Are you convinced that the iPhone isn’t ready yet for the enterprise or has your company already declared support?

By Dian Schaffhauser

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  1. I think it depends on the job of the people in the company. Yes, I know this sounds like the old days and maybe even the current set up with the ad/communications/design department use Macs and everyone else uses PC’s but I think some of the things you mentioned above can be changed. My company is a small but growing design and communications firm and I do have an iPhone. We use it for several reasons;

    1.) A test bed for portable media projects we are working on
    2.) Customers who will be using it and we can support to a degree
    3.) To show off photos and web sites richly
    4.) As a networking “conversation piece” – believe it or not this is working out quite well.
    5.) To take photos discreetly and easily
    6.) and of course the phone and other personal contact apps are very easy to use.

    I find I am a lot more productive with certain takes than I was with other phones that had similar features but were harder to access.

    Maybe the iPhone is not appropriate for everyone and every business but I could see the following individuals leveraging the features and popularity of the device;

    1.) Marketers
    2.) Sales people
    3.) Photographers (not for serious work but for “spec” or something when the professional equipment is not around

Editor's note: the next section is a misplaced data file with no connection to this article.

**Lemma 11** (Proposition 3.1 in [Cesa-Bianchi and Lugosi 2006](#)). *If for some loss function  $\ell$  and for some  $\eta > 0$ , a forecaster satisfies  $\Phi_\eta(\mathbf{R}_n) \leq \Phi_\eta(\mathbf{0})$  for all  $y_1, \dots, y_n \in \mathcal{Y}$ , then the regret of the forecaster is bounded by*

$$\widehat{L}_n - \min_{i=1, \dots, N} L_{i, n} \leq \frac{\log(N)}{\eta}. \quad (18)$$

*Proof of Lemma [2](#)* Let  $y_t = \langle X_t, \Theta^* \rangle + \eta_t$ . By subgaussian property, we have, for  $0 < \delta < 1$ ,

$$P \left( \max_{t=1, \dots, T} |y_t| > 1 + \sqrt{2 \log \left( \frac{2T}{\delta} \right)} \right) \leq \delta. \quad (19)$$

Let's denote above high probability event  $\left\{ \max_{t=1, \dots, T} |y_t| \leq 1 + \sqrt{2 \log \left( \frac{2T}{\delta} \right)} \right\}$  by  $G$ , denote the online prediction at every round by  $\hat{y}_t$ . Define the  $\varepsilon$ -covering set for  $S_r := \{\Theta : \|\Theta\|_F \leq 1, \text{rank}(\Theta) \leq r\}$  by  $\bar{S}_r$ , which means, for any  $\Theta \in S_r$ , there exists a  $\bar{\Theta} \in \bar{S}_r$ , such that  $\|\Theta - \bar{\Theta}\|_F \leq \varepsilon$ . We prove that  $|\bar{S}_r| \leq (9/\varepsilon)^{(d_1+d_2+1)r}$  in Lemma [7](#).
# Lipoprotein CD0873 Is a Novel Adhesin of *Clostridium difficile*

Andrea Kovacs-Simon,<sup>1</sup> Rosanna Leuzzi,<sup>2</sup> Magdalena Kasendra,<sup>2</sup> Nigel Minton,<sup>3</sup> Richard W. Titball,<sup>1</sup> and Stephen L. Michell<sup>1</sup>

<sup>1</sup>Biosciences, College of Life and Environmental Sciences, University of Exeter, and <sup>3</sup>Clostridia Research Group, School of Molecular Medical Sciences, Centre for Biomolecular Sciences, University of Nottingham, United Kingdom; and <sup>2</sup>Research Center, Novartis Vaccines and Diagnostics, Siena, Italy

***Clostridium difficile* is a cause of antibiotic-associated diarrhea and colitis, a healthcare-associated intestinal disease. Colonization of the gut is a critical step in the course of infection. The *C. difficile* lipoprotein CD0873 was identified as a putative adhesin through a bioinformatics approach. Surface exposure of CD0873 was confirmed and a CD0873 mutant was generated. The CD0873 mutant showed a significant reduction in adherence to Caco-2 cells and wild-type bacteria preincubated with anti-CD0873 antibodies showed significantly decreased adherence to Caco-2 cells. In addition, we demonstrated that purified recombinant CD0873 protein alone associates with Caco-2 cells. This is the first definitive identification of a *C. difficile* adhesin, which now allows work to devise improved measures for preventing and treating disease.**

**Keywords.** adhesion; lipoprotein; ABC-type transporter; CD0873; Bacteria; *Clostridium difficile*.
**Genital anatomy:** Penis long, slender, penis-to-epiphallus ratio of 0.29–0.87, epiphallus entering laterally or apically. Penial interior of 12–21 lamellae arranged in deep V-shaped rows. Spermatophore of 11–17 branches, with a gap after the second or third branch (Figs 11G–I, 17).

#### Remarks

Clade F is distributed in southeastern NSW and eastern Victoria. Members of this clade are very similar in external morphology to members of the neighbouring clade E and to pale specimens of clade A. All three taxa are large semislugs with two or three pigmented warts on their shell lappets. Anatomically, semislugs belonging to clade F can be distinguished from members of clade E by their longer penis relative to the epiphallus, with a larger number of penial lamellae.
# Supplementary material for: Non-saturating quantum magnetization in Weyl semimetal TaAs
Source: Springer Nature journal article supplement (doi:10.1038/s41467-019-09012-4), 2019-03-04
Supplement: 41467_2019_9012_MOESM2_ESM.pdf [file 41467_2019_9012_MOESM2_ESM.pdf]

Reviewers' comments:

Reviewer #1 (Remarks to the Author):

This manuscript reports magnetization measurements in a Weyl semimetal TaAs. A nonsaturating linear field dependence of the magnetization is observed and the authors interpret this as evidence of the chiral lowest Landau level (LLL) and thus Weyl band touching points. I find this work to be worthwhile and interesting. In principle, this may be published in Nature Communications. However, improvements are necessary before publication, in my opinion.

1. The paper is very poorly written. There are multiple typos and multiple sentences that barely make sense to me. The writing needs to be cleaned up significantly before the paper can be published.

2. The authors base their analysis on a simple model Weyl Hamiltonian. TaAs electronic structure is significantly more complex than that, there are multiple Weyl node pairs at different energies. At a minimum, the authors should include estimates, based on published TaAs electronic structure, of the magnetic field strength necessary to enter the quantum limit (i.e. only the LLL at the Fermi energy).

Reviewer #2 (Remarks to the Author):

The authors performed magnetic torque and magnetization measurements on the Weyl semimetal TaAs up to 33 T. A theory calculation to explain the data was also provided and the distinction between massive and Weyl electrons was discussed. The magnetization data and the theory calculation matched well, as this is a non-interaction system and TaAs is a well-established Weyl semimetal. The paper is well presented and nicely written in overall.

Now if your job is managing servers, accounting or other tasks, yes their are other devices that could be of better use. The iPhone is not really meant for “enterprise” anyway. It’s more of general consumer device like other products in Apple’s niche but I think it can have a place in the work force for certain tasks.

  2. Chalk this up as reason #5023 on why I love working for myself.

  3. Same here Adam!

  4. While I agree in general with the reasons and conclusions that iPhones aren’t a perfect fit for enterprises, a couple of things came to mind. I have a vague memory that users of Yahoo Mail were going to get mail pushed to the phone from the iPhone intro at last year’s Macworld. Maybe they were just talking about IMAP. Anyway, the other factor is that the iPhone is cool. And cool things get bought by bosses. Maybe it’s not true of ‘enterprises’, but in many businesses, when the boss brings in his toy to work, and it doesn’t do what he was hoping, things change to support the boss. I’m not saying that’s how it should be or that the above reasons aren’t valid- but not being a good fit for the enterprise will not keep them from infiltrating the enterprise.